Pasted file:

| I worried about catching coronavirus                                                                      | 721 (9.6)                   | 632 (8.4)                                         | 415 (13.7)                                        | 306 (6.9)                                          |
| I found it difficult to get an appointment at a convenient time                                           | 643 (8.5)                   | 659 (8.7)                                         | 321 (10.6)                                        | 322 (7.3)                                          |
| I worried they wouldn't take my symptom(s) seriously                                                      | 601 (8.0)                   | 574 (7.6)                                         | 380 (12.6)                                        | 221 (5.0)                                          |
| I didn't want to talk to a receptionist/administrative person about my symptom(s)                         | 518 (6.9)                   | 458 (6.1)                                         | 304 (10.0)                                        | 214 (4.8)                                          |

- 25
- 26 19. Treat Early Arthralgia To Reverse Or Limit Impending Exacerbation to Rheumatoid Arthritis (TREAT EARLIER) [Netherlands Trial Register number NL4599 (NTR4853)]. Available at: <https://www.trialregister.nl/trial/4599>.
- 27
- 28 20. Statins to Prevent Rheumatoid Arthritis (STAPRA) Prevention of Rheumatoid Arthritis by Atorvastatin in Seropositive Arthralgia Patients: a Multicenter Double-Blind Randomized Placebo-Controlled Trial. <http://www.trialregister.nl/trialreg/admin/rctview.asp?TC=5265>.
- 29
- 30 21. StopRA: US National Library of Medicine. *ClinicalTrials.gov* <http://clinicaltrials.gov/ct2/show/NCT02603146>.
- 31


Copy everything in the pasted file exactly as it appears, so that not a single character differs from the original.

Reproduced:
| I worried about catching coronavirus                                                                      | 721 (9.6)                   | 632 (8.4)                                         | 415 (13.7)                                        | 306 (6.9)                                          |
| I found it difficult to get an appointment at a convenient time                                           | 643 (8.5)                   | 659 (8.7)                                         | 321 (10.6)                                        | 322 (7.3)                                          |
| I worried they wouldn't take my symptom(s) seriously                                                      | 601 (8.0)                   | 574 (7.6)                                         | 380 (12.6)                                        | 221 (5.0)                                          |
| I didn't want to talk to a receptionist/administrative person about my symptom(s)                         | 518 (6.9)                   | 458 (6.1)                                         | 304 (10.0)                                        | 214 (4.8)                                          |

- 25
- 26 19. Treat Early Arthralgia To Reverse Or Limit Impending Exacerbation to Rheumatoid Arthritis (TREAT EARLIER) [Netherlands Trial Register number NL4599 (NTR4853)]. Available at: <https://www.trialregister.nl/trial/4599>.
- 27
- 28 20. Statins to Prevent Rheumatoid Arthritis (STAPRA) Prevention of Rheumatoid Arthritis by Atorvastatin in Seropositive Arthralgia Patients: a Multicenter Double-Blind Randomized Placebo-Controlled Trial. <http://www.trialregister.nl/trialreg/admin/rctview.asp?TC=5265>.
- 29
- 30 21. StopRA: US National Library of Medicine. *ClinicalTrials.gov* <http://clinicaltrials.gov/ct2/show/NCT02603146>.
- 31